Simply put, passive DNS is a system of record that stores DNS resolution data for a given location, record and time period. To best understand passive DNS, one must first understand how DNS works and the value it brings to Internet users. A good way to think about DNS is to look at the contacts application on your mobile phone. Rather than remember your friends cell phone number, you can simply assign it to a contact name and use that to place any calls. DNS works like a contact application for the Internet. Instead of having to remember IP addresses for all the websites you wish to access, DNS makes them available using domain names which are arguably easier to remember and less likely to change.
As an example, lets take passivetotal.org. At the time of writing this page, if we query passivetotal.org, we will be returned back the IP address of 184.108.40.206. In DNS, this is known as an "A" record and is one of many different record types including, but not limited to AAAA (IPv6), MX (mail), NS (nameserver), and TXT (text). Each record type is used for a different purpose and in theory, could be stored within a passive DNS database.
In order to collect this DNS information, a sensor is typically installed on the local network and setup to recieve DNS requests as they happen. It's worth noting that the sensor will only record DNS traffic that occurs on the local network, and not for the entire Internet. However, programs like RiskIQ's DNSIQ™ allow organizations to install a sensor on their network that reports back to RiskIQ and in exchange, the organization gains access to all the passive DNS traffic inside the central repository.
So why do we need a database of this data? Doesn't DNS keep track of changes? Yes and no. DNS records can and will change often, but there's no centralized historical repository. In fact, once a change has been made to a DNS record, it will propograte across the Internet and the previous record will be gone forever. Imagine you get a breach notification for your network. Listed in the notifcation is a domain name and time period. The first logical question may be to ask what IP address that domain was pointing to at the time of the breach and if any other domains were pointing there too. Without a historical repository, how would you answer that question? Answer, you couldn't.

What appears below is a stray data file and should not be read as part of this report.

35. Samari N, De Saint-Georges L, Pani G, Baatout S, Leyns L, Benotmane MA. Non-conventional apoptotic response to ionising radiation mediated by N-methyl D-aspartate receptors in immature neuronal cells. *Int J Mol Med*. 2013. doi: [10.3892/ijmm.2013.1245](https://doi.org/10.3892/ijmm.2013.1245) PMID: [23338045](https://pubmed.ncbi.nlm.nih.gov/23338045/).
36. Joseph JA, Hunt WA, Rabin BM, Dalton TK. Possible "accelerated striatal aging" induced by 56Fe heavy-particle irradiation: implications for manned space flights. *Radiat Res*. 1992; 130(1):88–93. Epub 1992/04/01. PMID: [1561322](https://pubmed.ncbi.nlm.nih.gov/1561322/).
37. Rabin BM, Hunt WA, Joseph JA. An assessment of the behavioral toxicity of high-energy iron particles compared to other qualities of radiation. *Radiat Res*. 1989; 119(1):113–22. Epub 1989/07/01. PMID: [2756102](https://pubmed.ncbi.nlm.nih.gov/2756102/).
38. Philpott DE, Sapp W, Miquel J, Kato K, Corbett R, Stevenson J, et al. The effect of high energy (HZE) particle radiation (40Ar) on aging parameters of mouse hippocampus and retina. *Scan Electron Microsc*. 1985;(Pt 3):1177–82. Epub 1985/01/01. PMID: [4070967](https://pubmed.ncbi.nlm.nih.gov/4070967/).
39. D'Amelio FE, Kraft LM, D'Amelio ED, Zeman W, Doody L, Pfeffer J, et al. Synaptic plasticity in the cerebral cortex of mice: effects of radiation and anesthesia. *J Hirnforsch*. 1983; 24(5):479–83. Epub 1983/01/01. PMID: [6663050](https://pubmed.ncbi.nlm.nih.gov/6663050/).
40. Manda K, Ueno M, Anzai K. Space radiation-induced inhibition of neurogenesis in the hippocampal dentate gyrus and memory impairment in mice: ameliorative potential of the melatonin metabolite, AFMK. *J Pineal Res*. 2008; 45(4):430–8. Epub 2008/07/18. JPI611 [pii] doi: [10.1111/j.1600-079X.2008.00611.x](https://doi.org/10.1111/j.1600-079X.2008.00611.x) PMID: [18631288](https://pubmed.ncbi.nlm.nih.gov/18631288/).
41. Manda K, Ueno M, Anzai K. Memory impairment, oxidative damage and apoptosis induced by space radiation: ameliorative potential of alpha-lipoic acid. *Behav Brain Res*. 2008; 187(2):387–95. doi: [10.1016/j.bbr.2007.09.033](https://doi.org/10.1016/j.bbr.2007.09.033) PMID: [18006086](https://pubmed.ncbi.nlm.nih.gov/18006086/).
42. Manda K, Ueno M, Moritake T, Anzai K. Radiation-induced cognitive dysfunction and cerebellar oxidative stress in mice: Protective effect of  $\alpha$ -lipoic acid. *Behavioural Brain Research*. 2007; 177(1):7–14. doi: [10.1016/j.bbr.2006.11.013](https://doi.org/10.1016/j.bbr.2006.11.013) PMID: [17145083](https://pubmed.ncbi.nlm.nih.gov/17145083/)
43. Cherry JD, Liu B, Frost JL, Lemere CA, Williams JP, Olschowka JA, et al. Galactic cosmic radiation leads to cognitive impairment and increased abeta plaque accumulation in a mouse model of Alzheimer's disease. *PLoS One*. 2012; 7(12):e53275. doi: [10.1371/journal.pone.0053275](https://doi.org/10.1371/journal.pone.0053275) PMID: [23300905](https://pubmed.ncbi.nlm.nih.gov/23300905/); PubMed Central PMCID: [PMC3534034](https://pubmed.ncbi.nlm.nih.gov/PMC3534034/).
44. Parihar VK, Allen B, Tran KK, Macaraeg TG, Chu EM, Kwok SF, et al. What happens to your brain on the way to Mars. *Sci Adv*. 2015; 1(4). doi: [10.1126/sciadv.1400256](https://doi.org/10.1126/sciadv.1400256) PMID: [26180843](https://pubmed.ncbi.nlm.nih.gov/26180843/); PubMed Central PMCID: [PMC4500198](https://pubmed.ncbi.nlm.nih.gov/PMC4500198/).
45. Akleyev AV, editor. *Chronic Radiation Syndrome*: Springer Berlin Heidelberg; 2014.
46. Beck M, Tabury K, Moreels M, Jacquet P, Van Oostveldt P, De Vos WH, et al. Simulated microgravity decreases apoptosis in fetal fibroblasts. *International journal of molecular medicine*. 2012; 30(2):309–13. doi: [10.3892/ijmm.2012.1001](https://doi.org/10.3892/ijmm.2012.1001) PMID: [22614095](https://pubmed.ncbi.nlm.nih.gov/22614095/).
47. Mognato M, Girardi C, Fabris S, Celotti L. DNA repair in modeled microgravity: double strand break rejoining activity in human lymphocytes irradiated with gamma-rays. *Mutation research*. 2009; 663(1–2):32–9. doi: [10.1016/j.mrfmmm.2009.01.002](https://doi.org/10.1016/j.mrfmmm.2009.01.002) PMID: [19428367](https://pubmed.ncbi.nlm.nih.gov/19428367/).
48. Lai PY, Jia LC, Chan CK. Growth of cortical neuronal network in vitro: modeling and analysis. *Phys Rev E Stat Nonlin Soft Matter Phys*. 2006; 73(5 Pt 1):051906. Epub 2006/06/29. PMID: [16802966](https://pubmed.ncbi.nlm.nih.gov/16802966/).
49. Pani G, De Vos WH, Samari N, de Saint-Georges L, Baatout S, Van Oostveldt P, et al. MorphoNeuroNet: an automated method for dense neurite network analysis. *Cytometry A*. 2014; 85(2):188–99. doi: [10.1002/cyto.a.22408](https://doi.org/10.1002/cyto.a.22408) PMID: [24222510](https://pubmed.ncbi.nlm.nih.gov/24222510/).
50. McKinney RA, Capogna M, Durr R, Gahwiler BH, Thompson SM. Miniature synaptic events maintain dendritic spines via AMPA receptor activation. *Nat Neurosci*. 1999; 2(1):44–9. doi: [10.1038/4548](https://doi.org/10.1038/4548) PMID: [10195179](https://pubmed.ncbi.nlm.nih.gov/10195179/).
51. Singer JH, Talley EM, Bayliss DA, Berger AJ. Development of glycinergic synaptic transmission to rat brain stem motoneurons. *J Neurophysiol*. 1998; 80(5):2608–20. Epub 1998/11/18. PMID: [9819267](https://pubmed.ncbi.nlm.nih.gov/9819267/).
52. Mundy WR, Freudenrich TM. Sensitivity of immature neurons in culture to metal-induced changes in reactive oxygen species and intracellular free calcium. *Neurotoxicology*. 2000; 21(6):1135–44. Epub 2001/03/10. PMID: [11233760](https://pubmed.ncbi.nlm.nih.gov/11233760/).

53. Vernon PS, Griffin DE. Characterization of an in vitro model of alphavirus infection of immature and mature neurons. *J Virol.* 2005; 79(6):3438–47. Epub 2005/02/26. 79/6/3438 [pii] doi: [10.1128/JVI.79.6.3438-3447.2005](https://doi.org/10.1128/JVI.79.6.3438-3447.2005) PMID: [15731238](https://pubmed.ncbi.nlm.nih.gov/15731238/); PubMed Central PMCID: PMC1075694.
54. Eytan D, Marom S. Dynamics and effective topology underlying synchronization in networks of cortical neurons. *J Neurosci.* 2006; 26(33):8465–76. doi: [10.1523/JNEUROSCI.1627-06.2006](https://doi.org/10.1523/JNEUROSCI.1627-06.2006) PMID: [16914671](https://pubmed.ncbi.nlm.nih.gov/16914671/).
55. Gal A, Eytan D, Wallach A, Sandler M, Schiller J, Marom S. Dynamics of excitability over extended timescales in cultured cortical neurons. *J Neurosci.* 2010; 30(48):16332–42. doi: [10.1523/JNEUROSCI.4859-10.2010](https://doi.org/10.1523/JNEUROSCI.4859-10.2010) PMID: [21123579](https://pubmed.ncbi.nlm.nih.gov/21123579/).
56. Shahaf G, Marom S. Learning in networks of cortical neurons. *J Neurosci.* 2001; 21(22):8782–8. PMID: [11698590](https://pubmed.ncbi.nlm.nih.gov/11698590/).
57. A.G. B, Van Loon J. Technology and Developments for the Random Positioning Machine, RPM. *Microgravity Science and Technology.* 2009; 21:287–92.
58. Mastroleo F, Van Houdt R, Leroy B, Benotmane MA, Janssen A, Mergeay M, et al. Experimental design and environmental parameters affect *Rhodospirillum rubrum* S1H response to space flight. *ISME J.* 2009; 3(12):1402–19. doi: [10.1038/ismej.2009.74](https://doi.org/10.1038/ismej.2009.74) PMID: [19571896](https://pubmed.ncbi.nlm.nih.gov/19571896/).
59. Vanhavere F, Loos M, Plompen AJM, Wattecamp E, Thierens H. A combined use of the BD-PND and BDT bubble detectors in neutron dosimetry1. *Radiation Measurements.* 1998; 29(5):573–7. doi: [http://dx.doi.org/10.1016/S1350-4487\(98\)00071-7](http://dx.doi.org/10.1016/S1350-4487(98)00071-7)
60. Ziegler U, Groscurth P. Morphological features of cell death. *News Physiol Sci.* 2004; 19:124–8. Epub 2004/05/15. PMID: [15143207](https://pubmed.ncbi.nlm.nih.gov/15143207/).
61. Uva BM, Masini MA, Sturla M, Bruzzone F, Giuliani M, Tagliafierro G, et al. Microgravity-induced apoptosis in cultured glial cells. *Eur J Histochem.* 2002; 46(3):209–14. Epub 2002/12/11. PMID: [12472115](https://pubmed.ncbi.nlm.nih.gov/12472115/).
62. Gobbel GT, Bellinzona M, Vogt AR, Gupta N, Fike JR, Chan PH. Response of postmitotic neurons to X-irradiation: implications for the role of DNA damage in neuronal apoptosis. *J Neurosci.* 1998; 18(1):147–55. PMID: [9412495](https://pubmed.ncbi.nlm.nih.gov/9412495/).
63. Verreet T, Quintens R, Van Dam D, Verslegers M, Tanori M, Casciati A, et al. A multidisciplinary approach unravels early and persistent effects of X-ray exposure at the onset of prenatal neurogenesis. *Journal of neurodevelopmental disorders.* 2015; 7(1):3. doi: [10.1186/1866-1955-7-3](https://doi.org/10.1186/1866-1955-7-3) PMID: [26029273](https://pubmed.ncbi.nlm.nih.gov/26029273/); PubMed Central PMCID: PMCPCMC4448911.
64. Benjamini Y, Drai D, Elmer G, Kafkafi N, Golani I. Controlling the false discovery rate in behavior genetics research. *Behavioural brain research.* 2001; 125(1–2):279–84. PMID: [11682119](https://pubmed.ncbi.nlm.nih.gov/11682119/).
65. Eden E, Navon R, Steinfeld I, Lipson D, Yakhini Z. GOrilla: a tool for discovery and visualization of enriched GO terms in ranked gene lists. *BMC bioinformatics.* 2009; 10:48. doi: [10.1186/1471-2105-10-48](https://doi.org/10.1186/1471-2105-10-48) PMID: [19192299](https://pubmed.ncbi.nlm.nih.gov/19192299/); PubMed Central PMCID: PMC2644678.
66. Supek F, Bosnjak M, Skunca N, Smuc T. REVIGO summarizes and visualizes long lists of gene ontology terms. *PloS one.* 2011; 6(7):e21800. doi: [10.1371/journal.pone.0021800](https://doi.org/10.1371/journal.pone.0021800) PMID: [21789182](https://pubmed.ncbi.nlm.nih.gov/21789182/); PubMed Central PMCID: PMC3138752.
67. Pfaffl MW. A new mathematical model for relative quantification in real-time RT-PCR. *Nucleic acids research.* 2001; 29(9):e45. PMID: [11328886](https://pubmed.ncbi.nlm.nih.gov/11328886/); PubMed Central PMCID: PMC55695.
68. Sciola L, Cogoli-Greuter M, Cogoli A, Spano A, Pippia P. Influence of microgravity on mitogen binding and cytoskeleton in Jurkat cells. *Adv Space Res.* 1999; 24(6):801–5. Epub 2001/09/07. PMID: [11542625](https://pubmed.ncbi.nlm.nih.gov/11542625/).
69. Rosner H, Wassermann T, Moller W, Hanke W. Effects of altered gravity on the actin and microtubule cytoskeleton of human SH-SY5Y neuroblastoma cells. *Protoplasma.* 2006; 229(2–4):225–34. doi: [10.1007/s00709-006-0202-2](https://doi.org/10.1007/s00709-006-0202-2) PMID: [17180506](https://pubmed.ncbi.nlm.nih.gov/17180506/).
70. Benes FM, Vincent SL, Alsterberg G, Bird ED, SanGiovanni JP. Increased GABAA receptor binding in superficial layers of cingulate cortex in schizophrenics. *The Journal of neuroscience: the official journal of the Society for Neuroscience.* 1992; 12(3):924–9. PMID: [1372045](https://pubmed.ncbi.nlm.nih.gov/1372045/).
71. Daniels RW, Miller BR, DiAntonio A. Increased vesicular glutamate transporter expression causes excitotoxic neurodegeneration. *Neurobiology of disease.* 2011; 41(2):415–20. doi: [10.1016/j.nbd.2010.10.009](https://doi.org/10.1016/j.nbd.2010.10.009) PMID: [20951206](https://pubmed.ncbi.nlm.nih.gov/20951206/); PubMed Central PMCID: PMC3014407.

Keeping this data inside of a database gives analysts insight as to how a particular domain names changes over time and provides a way to identify other related domains/IP addresses. Going back to the breach notification example, an analyst could take the domain, search for it within passive DNS and identify the history of IP addresses it resolved to over time. Those IP addresses could then be queried as well to find more domains that may be related to the larger attack.
PDNS Data Sources
PassiveTotal has partnered with multiple organizations to bring our user base the most comprehensive access to historical resolution information. The API Associations allow our users to pull in additional pDNS sources and provide for a globally diverse set of data and flexibility. Some of our sources are available to all users, while other require credentials. The below list provides detailed information about each of our sources:
DNSIQ™ - RiskIQ's DNSIQ™ services provide access to a pDNS repository which takes in 400 million unique records per day. To provide DNSIQ™, RiskIQ ingests records from a geographically dispersed sensor and partner network, providing our community and customers with one of the most comprehensive passive DNS data sources.
DNSRes - PassiveTotal's DNS Collection source.
Pingly - PassiveTotal's active resolver (Can be turned off)
Partner Data Sources
Kaspersky - pDNS data from their malware environment and active collection operations.
Mnemonic - Managed Security Service from Norway that provides an open source pDNS repository for the analyst community.
AlienVault - Passive DNS data partner. PT community users can activate this source to receive access to their pDNS data.
VirusTotal - Passive DNS provider based on malware execution and individuals searches in their UI.
360CN - Chinese AV company Qihoo 360. Requires user id and password from Qihoo to use this source.
Circl.lu - Computer Incident Response Center Luxembourg is a government driven incident response center which offers a passive DNS repository to the analysts community. Credentials are required to access this data set and can be requested via email at firstname.lastname@example.org
These providers offer paid access to Passive DNS and WHOIS information based on query volume. These services require credentials and a contract with the respective service provider
Farsight Security - Passive DNS provider
OpenDNS - Passive DNS Provider which allows customers to access their pDNS information alongside our additional data sources.